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In re CTP Innovations, LLC Patent Litigation

United States District Court, D. Maryland

September 12, 2017

IN RE CTP INNOVATIONS, LLC, PATENT LITIGATION CTP INNOVATIONS, LLC
v.
GEO GRAPHICS INC. CTP INNOVATIONS, LLC
v.
COMMAND WEB OFFSET COMPANY, INC. CTP INNOVATIONS, LLC
v.
SANDY ALEXANDER, INC. CTP INNOVATIONS, LLC
v.
WORZALLA PUBLISHING COMPANY CTP INNOVATIONS, LLC
v.
SPECIALTY PROMOTIONS, INC.

          MEMORANDUM & ORDER RE: FEE MOTION

          Marvin J. Garbis United States District Judge

         The Court has before it Defendants' Motion for Attorney Fees [ECF No. 385 in 14-md-2581[1] and the materials submitted relating thereto. The Court finds a hearing unnecessary.

         I. BACKGROUND[2]

         Plaintiff, CTP Innovations, LLC (“CTP”) is a non-practicing patent assertion entity that alleged ownership by assignment of United States Patent Nos. 6, 611, 349 (“the ‘349 Patent”) and 6, 738, 155 (“the ‘155 Patent”) (collectively, “the Patents in Suit”).[3] Beginning in 2013, CTP sued more than 75 printing companies for infringement of the Patents in Suit and contacted many more companies and offered licenses to avoid being sued.

         While many of these cases settled, on December 12, 2014, the United States Judicial Panel on Multidistrict Litigation (“MDL”) issued its Transfer Order [ECF No. 1] consolidating the then-pending actions and transferring them for pretrial purposes to this Court. In 2015, more than 20 additional tag-a-long cases were filed and subsequently transferred to this Court under the MDL. In addition, CTP stated an intention to file as many as 200 additional tag-a-long cases.[4]

         On November 29, 2016, this Court issued its Memorandum & Order Resolving Motions [ECF No. 381], holding that CTP did not own the rights to sue for infringement of the Patents in Suit at the time it commenced filing the lawsuits. As a result, the Court granted Defendants' Joint Rule 12(b)(1) Motion to Dismiss for Lack of Subject Matter Jurisdiction Due to Plaintiff's Lack of Standing [ECF No. 354].[5] In its decision, the Court noted: “If the matter were not moot, the Court would have held the Patents in Suit invalid as not claiming patentable subject matter.” Mem. [ECF No 381] at 5, n.4.

         On December 13, 2016, Defendants filed the instant joint Motion for Attorneys' Fees [ECF No. 385] seeking an award of attorney fees and/or sanctions pursuant to one or all of 35 U.S.C. § 285, 28 U.S.C. § 1927, and the court's inherent power to sanction.[6]

         Since the filing of the instant motion, CTP has settled with all but the five remaining defendants.[7] Notice, ECF No. 537; Stipulation of Dismissal, ECF No. 540. The Court herein resolves the pending motion for attorney fees.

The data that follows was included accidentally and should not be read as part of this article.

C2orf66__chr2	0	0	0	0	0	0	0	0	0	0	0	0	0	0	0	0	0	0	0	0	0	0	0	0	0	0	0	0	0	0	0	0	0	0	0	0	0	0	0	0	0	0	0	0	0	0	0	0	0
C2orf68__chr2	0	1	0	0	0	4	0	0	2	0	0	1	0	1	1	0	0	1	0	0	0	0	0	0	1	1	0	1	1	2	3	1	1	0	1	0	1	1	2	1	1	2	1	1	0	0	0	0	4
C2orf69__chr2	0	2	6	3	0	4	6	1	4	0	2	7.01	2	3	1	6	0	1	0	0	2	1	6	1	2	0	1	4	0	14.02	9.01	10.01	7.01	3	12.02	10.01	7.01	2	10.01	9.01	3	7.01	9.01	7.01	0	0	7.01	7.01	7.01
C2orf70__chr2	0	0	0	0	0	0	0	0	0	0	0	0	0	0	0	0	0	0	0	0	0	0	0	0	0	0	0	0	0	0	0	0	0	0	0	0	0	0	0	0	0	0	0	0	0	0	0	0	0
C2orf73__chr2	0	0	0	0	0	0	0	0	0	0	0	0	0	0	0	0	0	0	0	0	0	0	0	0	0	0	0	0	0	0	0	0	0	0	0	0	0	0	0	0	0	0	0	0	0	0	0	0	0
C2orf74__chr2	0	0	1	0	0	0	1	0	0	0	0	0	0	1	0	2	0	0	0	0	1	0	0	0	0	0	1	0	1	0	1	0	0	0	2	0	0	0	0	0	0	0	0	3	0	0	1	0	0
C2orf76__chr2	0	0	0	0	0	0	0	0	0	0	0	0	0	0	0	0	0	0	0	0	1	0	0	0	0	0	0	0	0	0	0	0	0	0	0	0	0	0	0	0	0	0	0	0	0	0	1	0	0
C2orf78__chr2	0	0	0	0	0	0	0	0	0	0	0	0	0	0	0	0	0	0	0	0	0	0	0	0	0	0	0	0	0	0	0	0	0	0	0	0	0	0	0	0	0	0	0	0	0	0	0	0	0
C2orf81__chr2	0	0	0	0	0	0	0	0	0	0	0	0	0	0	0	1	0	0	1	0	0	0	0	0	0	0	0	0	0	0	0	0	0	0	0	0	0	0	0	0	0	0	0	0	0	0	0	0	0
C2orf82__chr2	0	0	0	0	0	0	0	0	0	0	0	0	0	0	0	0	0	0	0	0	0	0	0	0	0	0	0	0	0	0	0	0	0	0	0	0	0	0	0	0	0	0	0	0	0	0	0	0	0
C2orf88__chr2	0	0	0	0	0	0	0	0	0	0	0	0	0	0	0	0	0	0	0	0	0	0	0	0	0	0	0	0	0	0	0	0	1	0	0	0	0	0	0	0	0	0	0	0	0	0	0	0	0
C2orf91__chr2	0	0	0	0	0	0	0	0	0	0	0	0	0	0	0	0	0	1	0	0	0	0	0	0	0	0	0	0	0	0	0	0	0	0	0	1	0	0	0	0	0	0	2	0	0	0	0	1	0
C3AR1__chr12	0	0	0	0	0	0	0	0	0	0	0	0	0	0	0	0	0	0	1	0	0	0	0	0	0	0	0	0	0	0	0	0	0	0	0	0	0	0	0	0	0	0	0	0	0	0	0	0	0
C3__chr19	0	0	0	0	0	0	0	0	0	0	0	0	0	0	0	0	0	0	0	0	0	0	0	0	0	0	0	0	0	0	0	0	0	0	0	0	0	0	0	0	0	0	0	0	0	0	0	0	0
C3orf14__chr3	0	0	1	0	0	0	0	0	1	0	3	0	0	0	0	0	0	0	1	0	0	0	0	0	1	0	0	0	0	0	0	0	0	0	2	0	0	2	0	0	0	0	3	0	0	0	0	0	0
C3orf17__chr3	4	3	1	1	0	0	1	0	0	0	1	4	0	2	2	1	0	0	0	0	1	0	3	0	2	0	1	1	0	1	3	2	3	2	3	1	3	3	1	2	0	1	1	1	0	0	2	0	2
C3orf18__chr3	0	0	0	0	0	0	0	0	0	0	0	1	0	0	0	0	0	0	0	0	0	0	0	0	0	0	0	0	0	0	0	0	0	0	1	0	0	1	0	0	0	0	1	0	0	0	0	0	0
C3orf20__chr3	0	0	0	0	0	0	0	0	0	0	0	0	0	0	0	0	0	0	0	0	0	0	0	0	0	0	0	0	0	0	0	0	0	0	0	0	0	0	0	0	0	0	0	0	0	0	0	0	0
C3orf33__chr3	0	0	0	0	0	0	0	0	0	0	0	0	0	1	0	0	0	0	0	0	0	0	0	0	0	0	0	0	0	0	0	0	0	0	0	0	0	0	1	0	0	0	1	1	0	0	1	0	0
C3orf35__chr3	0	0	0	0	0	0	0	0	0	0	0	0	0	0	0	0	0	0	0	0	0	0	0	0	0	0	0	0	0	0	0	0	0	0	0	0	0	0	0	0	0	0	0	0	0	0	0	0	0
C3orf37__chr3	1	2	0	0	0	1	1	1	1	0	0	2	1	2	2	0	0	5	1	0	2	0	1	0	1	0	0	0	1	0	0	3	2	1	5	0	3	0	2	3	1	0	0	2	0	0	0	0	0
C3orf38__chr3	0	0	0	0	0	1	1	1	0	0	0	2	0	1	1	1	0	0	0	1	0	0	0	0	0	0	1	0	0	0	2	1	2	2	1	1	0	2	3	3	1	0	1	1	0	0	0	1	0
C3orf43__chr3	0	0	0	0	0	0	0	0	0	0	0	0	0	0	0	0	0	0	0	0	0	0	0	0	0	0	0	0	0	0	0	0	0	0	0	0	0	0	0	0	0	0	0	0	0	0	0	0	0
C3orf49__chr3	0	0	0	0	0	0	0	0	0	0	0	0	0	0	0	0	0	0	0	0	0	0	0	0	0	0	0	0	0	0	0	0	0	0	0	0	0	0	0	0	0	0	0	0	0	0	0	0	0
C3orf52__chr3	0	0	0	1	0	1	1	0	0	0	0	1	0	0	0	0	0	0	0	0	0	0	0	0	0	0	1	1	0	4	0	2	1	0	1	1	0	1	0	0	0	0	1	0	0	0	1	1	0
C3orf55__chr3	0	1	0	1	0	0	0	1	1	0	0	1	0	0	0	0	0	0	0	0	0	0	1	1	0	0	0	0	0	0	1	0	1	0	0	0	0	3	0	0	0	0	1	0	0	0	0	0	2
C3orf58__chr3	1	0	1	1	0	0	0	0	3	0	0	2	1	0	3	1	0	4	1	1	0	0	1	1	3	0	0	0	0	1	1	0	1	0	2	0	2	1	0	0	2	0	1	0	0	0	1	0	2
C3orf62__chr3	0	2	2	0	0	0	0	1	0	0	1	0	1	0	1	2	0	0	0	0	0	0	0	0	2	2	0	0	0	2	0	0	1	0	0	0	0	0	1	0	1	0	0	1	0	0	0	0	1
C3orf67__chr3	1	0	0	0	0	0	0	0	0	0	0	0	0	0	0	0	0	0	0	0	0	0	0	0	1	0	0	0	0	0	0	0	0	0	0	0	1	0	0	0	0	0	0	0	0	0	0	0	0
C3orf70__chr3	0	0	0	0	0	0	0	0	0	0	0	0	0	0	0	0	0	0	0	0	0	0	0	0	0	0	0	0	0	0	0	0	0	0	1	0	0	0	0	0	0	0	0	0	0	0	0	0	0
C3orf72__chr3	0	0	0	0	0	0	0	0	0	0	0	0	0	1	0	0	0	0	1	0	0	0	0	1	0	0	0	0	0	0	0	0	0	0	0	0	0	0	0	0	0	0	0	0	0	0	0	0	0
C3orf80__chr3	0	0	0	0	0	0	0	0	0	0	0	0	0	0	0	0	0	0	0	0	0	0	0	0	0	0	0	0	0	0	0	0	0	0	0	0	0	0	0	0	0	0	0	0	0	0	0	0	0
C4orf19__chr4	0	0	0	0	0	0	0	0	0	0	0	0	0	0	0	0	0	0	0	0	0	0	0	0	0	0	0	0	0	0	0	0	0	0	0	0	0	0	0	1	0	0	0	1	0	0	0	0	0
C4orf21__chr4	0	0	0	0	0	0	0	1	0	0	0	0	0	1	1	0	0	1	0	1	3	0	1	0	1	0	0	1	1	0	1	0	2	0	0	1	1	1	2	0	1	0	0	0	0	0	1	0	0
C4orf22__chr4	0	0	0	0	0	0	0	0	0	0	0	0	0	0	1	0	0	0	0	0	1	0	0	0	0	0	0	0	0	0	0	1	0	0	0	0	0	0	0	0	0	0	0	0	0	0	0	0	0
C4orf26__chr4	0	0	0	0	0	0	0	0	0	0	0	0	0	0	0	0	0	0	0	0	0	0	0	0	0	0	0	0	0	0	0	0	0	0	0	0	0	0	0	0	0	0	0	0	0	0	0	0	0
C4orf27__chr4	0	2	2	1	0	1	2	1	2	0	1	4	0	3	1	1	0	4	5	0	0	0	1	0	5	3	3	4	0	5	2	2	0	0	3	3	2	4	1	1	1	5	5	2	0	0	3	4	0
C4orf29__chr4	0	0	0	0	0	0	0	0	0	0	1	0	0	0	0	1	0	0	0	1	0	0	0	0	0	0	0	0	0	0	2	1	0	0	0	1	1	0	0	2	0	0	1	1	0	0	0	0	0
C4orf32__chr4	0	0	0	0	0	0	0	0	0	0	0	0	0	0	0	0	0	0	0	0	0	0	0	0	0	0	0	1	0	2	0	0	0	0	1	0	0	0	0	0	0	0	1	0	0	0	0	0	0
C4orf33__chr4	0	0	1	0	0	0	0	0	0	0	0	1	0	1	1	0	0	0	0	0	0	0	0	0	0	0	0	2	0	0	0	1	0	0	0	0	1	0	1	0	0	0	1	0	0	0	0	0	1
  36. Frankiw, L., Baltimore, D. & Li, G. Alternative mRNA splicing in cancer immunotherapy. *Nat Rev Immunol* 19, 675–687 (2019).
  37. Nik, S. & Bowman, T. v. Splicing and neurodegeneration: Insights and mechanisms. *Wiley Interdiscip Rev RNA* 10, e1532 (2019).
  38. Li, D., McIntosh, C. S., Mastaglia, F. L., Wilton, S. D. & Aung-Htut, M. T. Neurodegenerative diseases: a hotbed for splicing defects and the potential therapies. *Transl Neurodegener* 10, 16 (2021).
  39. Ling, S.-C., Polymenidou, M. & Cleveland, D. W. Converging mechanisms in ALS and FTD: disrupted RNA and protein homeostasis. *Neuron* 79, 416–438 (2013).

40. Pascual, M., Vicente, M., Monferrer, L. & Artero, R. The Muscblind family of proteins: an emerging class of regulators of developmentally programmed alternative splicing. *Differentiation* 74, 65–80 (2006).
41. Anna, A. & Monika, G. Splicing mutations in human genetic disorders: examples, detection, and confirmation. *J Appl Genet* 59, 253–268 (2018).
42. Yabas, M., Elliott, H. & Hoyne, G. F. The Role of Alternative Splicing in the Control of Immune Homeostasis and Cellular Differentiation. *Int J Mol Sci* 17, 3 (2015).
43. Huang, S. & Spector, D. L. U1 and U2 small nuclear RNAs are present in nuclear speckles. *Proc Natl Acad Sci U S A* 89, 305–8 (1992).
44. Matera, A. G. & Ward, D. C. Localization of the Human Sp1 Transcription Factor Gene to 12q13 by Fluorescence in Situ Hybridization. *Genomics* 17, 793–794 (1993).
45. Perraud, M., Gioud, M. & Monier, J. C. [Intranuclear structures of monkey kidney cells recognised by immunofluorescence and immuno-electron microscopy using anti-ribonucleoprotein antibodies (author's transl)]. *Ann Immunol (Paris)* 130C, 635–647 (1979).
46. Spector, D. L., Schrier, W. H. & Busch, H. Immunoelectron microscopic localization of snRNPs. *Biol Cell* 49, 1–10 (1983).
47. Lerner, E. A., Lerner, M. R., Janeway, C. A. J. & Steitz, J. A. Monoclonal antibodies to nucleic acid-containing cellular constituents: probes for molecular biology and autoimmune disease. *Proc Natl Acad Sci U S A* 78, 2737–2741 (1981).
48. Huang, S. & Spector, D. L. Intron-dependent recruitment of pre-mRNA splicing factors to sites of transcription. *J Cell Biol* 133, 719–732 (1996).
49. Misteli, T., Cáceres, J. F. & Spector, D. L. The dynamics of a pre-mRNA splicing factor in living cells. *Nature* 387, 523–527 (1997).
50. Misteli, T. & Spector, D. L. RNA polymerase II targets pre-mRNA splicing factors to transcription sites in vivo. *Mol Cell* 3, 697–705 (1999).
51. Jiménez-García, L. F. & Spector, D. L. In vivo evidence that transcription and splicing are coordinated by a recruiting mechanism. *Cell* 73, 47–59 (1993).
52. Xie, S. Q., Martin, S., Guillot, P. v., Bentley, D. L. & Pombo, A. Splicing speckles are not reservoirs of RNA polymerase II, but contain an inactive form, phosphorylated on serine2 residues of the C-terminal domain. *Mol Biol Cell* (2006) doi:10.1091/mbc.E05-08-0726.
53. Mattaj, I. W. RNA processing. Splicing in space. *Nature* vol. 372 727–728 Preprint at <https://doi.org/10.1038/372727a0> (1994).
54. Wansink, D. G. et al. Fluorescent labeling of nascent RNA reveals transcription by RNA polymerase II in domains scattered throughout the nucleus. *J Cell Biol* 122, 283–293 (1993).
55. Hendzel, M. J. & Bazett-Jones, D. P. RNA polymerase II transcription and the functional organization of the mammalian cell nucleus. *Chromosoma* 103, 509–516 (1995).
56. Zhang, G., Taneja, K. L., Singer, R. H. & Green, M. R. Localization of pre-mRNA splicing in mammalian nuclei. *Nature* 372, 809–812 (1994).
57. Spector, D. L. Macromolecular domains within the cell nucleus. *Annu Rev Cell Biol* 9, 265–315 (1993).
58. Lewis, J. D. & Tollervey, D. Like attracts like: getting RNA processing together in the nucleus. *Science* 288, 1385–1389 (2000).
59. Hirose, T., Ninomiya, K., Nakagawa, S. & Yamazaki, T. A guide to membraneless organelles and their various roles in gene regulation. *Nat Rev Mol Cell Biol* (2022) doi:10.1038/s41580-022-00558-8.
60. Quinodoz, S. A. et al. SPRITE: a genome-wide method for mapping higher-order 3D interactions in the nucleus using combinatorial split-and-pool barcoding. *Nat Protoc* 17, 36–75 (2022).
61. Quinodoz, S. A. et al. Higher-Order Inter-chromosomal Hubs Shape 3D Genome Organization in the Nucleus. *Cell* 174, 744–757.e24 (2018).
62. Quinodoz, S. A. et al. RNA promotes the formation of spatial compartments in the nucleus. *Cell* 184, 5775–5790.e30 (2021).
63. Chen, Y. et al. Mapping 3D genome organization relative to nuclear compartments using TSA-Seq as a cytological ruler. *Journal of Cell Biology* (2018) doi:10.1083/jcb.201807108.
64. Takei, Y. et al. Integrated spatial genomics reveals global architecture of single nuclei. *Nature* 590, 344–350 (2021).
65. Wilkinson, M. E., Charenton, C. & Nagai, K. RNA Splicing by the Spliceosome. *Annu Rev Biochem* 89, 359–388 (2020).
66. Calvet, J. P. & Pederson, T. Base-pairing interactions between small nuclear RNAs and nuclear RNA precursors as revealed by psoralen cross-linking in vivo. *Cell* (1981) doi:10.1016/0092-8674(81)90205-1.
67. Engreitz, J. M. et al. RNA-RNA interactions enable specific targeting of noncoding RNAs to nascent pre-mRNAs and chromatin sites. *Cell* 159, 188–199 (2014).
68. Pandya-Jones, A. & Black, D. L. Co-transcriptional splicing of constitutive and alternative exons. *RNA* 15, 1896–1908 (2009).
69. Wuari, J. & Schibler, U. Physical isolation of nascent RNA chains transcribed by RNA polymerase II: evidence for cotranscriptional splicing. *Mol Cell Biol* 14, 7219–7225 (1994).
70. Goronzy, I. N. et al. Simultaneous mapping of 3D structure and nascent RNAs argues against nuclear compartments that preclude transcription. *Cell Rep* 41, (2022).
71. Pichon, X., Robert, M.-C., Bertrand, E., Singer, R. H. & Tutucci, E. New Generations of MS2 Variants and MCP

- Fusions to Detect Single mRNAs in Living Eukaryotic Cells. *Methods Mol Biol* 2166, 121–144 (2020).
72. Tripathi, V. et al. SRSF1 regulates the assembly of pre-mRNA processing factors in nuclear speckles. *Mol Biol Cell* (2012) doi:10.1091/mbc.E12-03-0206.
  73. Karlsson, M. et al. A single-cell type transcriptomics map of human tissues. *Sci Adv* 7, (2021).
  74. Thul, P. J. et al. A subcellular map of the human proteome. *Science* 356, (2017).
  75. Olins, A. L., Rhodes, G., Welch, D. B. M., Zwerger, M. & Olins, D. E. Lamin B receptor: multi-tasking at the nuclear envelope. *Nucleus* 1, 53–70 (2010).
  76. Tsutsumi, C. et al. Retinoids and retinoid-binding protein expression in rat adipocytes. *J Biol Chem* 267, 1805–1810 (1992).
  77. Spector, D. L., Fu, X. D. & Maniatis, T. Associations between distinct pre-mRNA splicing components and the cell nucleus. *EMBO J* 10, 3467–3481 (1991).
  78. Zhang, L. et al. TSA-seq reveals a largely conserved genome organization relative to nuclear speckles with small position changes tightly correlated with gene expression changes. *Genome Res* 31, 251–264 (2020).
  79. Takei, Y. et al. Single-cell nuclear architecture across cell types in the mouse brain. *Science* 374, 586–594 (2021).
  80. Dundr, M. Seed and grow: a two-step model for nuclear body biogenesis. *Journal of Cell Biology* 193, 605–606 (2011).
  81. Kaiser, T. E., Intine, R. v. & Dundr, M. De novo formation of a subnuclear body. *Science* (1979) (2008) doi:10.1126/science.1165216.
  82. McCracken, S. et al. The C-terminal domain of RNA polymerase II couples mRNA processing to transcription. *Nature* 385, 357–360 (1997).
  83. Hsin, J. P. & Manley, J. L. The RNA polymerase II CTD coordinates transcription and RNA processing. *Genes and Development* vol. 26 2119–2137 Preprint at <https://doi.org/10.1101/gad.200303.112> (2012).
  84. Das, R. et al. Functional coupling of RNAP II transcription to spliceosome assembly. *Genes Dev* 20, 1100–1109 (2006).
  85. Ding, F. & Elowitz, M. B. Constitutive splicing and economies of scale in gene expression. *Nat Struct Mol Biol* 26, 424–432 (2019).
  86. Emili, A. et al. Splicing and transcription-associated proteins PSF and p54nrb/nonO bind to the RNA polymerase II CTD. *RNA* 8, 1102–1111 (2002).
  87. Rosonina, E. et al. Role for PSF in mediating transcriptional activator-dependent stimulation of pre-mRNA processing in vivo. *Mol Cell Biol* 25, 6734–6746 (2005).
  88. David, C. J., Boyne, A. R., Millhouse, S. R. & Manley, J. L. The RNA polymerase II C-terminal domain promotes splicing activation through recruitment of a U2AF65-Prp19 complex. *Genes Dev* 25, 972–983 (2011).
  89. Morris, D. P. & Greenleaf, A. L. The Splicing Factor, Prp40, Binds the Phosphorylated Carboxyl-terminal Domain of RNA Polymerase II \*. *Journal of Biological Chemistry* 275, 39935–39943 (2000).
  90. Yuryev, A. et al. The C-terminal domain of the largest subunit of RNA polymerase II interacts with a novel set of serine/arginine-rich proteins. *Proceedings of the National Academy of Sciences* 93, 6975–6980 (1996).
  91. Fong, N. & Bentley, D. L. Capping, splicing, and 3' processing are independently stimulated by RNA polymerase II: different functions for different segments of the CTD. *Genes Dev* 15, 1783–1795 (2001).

II. LEGAL STANDARD

         A. Patent Act Fee-shifting Provision

         The Patent Act's fee-shifting provision provides that “[t]he court in exceptional cases may award reasonable attorney fees to the prevailing party.” 35 U.S.C. § 285.

         To determine whether a party is a prevailing party in patent litigation, courts apply the general principle that “to be a prevailing party, one must ‘receive at least some relief on the merits, ' which ‘alters ... the legal relationship of the parties.'” Inland Steel Co. v. LTV Steel Co., 364 F.3d 1318, 1320 (Fed. Cir. 2004)(quoting Former Employees of Motorola Ceramic Prods. v. United States, 336 F.3d 1360, 1364 (Fed. Cir. 2003)).

         The Patent Act does not define “exceptional, ” but the United States Supreme Court has provided guidance in Octane Fitness, LLC v. ICON Health & Fitness, Inc., __ U.S. __, 134 S.Ct. 1749, 1751 (2014). An exceptional case “is simply one that stands out from others with respect to the substantive strength of a party's litigating position (considering both the governing law and the facts of the case) or the unreasonable manner in which the case was litigated.” Id. at 1756. “District courts may determine whether a case is ‘exceptional' in the case-by-case exercise of their discretion, considering the totality of the circumstances.” Id. at 1756; see also Highmark Inc. v. Allcare Health Mgmt. Sys., Inc., __ U.S. __, 134 S.Ct. 1744, 1748 (2014) (“[T]he determination whether a case is ‘exceptional' under § 285 is a matter of discretion.”).

         The standard of proof for establishing entitlement to fees is by a preponderance of the evidence. Id. at 1758. If the district court finds the case exceptional by a preponderance of the evidence, it must then determine whether it should exercise its discretion to award attorneys' fees. See Icon Health & Fitness, Inc. v. Octane Fitness, LLC, 576 F. App'x 1002, 1005 (Fed. Cir. 2014); Inland Steel, 364 F.3d at 1321; Digeo, Inc. v. Audible, Inc., 505 F.3d 1362, 1366-67 (Fed. Cir. 2007); see also Graco, Inc. v. Binks Mfg. Co., 60 F.3d 785, 794-95 (Fed. Cir. 1995)(“A finding by a court that a case is exceptional is a factual determination, whereas the decision to award fees is discretionary.”).

         The amount to be awarded also lies within the sound discretion of this Court. See Lumen View Tech. LLC v. Findthebest.com, Inc., 811 F.3d 479, 483 (Fed. Cir. 2016); Monolithic Power Sys., Inc. v. O2 ...


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